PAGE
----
The Counterfeit Coin Detection Kit

How to Detect Counterfeit Coins Using 5 Simple Tools

Digital Caliper
Digital Caliper. (c) James Bucki

Anybody can detect counterfeit U.S. coins using five simple, inexpensive tools. In this article, I explain what these tools are and how to use them to protect yourself against fake coins and counterfeits. 

Although these tools and methods described below can detect counterfeit coins, but also you must realize that you cannot identify all fake coins by these methods. In other words, some counterfeit coins are so well made that they will avoid detection by the means listed here. If you are buying a rare coin that involves a significant amount of money, your best bet is to buy the coin in a certified holder from a third-party grading service. This way, you can be assured that the coin you purchased is genuine and accurately graded.

  • 01 of 05

    A Simple Magnet

    TEK IMAGE/Getty Images

    You can use a simple magnet to rule out many Chinese-made counterfeit coins because about 70% of all fake coins from China are produced with iron-based planchets (coin blanks). Since there has only ever been one single circulating U.S. coin that should be attracted to a magnet (the 1943 steel penny), virtually any U.S. coin that sticks to a magnet is counterfeit.

    How to use: You will need a strong magnet to detect small amounts of iron. Hold the magnet near the coin and see if they attract, even a little bit. If the magnet sticks to a U.S. coin, the coin is virtually guaranteed to be a counterfeit. Canada and other foreign countries have been using steel in their coin blanks for decades, so this test has no meaning for many Canadian coins.)

  • 02 of 05

    A Gram Scale Accurate to at Least One Tenth Gram

    Precision Digital Scale
    James Bucki

    Many Chinese Counterfeiters use scrap metal to make their coin blanks. As a result, the coins are usually underweight. The coins can also be light for other reasons, such as shrinkage from using cast dies or cast blanks. The United States Mint adheres to very narrow tolerances for error in weight and diameter, so any U.S. coin that is off by more than 1% is highly suspect.

    How to use: Make sure your scale can weigh down to a tenth of a gram (0.1 g.). A scale that can weigh in increments of one-hundredths of a gram (0.01 g.) is better. Do not use diet scales that weigh whole grams because they are not accurate enough. Place the coin on the scale and then compare the weight to the known proper weight standard for that coin. If it is off by more than 1%, the coin is a suspected counterfeit. Additionally, a well-worn coin may still be genuine but be severely underweight due to the abnormal amount of metal that has worn off the coin.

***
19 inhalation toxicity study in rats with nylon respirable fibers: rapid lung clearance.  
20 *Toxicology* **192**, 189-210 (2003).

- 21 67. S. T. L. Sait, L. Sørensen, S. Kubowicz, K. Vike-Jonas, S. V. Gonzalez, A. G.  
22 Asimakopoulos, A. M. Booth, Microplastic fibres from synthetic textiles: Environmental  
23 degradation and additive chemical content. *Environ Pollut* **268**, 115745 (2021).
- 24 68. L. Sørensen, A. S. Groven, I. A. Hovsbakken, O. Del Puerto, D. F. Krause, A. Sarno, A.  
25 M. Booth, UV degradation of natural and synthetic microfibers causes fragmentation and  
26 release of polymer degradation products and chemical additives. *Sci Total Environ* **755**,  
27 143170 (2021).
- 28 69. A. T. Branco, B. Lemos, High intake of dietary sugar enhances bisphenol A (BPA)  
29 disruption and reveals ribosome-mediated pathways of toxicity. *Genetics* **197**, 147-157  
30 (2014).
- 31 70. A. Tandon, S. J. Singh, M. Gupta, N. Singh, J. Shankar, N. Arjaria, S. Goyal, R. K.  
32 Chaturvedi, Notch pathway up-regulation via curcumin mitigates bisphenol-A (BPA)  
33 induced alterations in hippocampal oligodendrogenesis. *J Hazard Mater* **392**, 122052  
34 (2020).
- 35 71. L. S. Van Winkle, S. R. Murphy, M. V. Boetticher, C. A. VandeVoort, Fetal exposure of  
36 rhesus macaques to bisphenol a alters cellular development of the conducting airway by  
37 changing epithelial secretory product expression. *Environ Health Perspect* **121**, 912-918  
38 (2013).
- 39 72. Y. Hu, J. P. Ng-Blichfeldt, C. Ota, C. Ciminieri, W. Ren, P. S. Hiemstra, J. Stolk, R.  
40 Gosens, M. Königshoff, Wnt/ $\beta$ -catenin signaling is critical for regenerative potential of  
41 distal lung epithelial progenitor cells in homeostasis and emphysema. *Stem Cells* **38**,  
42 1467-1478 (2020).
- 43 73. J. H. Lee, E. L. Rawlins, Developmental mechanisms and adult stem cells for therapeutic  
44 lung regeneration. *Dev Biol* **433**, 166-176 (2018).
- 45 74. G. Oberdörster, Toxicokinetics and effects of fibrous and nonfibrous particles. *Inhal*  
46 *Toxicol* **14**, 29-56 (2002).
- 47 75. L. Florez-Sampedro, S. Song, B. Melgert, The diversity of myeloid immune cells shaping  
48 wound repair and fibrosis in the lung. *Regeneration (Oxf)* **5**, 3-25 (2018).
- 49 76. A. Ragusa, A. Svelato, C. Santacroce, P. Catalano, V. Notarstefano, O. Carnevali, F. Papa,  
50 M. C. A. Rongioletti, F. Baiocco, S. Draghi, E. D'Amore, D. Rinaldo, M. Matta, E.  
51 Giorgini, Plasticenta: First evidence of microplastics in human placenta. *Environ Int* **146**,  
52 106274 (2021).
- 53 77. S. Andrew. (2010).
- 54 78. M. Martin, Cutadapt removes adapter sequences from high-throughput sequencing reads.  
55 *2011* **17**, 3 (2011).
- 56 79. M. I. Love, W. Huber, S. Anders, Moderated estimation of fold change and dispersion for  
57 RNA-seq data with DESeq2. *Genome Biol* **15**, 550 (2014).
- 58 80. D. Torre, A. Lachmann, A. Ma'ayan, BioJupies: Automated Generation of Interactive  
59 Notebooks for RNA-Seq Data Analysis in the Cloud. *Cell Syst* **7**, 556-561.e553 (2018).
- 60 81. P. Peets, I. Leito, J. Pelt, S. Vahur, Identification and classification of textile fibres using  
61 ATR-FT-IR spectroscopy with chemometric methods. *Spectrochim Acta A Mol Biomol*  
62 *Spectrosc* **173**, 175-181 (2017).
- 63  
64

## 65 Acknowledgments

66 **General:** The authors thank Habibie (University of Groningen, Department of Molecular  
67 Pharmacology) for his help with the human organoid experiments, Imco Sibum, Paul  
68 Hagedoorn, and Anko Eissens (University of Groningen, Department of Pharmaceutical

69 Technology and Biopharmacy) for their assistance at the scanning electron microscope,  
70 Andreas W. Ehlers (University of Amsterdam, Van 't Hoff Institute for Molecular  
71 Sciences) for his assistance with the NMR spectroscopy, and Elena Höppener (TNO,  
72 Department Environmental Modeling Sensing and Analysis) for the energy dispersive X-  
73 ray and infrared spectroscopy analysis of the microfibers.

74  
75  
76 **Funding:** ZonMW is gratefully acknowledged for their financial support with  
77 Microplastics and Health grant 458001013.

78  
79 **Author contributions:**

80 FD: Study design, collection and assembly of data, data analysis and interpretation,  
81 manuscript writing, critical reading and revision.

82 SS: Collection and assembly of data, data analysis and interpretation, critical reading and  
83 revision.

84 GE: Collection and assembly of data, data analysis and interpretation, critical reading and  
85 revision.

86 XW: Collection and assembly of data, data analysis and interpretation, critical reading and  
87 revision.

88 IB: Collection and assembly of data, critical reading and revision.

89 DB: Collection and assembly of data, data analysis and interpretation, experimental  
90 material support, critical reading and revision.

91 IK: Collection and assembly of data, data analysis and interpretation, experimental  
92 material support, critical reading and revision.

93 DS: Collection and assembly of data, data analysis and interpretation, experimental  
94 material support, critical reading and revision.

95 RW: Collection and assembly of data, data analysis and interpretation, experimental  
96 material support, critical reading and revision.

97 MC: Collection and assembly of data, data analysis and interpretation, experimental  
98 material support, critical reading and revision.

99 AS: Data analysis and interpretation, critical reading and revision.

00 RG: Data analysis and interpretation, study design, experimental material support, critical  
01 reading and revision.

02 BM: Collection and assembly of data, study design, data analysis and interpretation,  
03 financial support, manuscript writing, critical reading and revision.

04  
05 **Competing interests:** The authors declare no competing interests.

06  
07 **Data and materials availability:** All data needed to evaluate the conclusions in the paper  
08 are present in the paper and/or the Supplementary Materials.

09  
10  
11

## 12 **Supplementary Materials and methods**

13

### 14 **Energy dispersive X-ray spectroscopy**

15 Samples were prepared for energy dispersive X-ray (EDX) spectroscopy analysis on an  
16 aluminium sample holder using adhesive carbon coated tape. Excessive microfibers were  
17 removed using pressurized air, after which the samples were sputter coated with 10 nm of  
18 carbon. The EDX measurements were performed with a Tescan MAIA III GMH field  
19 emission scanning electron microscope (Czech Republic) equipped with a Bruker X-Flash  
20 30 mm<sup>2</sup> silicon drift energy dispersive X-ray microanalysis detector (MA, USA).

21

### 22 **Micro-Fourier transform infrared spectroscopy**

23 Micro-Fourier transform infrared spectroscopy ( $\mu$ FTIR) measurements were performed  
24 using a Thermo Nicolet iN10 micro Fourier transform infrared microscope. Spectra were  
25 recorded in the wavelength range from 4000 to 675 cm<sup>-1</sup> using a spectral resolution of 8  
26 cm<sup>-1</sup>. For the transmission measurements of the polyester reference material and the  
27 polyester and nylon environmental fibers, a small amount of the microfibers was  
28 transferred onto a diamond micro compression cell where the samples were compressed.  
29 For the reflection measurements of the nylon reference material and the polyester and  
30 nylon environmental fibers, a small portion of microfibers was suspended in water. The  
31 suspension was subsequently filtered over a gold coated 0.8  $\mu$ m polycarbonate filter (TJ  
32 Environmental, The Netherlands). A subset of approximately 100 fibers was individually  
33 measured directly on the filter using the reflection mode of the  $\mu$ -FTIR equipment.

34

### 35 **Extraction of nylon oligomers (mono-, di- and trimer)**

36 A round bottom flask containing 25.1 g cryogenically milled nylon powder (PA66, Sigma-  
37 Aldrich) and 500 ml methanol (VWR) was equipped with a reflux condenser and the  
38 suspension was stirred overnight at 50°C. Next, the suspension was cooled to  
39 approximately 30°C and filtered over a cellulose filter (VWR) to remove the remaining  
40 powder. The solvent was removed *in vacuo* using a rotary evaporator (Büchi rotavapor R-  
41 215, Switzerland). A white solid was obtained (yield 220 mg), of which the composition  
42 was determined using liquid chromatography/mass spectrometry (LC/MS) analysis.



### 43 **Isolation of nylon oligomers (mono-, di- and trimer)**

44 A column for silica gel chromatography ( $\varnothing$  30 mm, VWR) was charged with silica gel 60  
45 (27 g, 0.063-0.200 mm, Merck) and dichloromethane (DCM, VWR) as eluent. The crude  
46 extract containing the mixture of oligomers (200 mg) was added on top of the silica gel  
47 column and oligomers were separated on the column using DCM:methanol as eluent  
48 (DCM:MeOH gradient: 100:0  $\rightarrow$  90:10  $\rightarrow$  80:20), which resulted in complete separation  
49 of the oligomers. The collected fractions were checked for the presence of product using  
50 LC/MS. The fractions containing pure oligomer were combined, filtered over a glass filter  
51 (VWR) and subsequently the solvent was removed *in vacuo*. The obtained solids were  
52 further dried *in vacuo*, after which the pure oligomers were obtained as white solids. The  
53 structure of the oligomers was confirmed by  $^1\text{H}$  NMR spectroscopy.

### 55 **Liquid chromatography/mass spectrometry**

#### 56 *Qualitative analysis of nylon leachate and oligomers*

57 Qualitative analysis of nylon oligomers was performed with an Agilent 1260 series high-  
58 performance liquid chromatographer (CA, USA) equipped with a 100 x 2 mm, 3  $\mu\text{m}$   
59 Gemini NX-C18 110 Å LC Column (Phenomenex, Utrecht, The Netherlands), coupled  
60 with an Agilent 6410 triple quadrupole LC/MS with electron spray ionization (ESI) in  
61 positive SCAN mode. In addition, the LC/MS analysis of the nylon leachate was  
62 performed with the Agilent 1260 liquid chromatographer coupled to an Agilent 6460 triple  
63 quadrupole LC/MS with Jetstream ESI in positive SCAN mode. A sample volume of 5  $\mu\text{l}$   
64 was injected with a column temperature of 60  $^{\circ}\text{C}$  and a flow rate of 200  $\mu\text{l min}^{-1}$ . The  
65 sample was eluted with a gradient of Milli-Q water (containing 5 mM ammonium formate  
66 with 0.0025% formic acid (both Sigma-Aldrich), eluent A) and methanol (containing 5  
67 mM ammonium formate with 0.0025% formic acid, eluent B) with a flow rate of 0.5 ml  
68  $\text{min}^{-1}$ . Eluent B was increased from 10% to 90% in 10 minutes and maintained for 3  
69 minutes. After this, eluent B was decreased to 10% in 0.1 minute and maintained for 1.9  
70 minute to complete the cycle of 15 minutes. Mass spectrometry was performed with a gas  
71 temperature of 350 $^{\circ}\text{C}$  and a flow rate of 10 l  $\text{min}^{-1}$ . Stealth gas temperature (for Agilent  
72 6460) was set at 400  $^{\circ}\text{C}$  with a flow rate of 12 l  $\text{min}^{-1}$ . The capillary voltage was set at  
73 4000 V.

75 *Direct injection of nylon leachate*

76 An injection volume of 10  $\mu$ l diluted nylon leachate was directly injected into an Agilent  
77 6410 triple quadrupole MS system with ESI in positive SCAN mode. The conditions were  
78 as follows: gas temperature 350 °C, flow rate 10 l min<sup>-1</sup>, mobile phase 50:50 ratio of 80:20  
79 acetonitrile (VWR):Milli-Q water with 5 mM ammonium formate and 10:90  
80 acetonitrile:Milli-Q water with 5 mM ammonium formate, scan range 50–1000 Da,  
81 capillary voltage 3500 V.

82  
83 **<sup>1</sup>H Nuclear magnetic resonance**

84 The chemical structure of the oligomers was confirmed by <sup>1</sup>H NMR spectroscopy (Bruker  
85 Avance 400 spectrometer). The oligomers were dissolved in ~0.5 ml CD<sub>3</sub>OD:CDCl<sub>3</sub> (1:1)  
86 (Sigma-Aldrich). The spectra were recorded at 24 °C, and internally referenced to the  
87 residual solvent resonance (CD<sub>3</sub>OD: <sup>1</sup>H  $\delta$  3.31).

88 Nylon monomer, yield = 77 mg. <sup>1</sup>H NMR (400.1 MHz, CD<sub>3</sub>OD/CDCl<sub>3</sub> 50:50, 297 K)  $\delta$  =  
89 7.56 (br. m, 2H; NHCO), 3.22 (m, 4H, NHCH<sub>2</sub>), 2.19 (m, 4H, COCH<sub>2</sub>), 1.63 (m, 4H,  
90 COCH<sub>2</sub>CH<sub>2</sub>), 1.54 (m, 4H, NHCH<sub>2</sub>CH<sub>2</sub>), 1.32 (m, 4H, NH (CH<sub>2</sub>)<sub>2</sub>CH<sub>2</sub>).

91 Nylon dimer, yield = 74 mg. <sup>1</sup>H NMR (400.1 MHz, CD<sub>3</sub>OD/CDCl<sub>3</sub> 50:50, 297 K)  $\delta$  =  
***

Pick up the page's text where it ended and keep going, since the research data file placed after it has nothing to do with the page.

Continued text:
• 03 of 05

    A Caliper Accurate to the Hundredth of an Inch

    Digital Caliper
    James Bucki

    A caliper is a device that is used for measuring the diameter of a coin. The United States Mint is extremely precise in making coins of the proper diameter, so any coin that is too small, even by a little bit, is highly suspect. Counterfeit coins are frequently underweight and undersized.

    How to use: Slide the caliper jaws to the closed position and calibrate it to zero (usually by pressing a "set" or "zero" button.) Then slowly slide the jaws open until they are touching the edges of the coin across from each other. Make sure the coin is snug between the jaws (but not too tight) and read the result. Compare your measurement to known U.S. Mint standards for that coin. If the coin is too small, it is a suspected fake.

  • 04 of 05

    A High-Powered Magnifying Glass and Light

    Desklamp, Loupe and Magnifying Glass
    James Bucki

    A magnifier that has a minimum power rating of 8x (8 times magnification, or "8 power") will allow you to see details on the surface of the coin that are invisible to the naked eye. Ideally, you should use a 10x or 12x triplet loupe, which has much greater clarity (but is also more expensive.)

    Additionally, a quality light source must be used in order to illuminate the coin being studied properly. A standard desk lamp with a hood that is painted white on the inside will work well. Make sure to use an incandescent lightbulb of approximately 75 W. If an incandescent bulb is not available, then a standard LED pure white lightbulb can be used.

    How to use: Hold the coin in one hand, and the magnifier in the other. Move the coin around to inspect its surface, looking for signs of bubbles or pimples on the surface, or seams or file marks on the edge. Also, look for characteristics typical for that type of coin by comparing it to a known genuine specimen. "Soapy" looking or bumpy surfaces can be a sign of a counterfeit. Pay particular attention to the surface of the devices on the coin because these parts of the coin are usually not polished during the counterfeiting production.

    Continue to 5 of 5 below.
  • 05 of 05

    A Reference of Standards for U.S. Coin Types

    books and coins
    Seamind Panadda / EyeEm

    To determine if your weight and diameter measurements are within U.S. Mint tolerances, you will need to compare them to known U.S. coin specifications. Most general-purpose coin price guides, such as the Red Book have these specifications noted. Although the allowable amount of deviation from the Mint's specifications varies for each type of coin, all of the tolerances are very, very small. Any coin that is a gram underweight or eighth-inch too small is way out of tolerance and probably a fake.

    How to use: Weigh and measure your coin, and compare your findings to known specifications. If they are off by more than 1% (either too heavy or too light), your coin is a suspected counterfeit.

    Edited by: James Bucki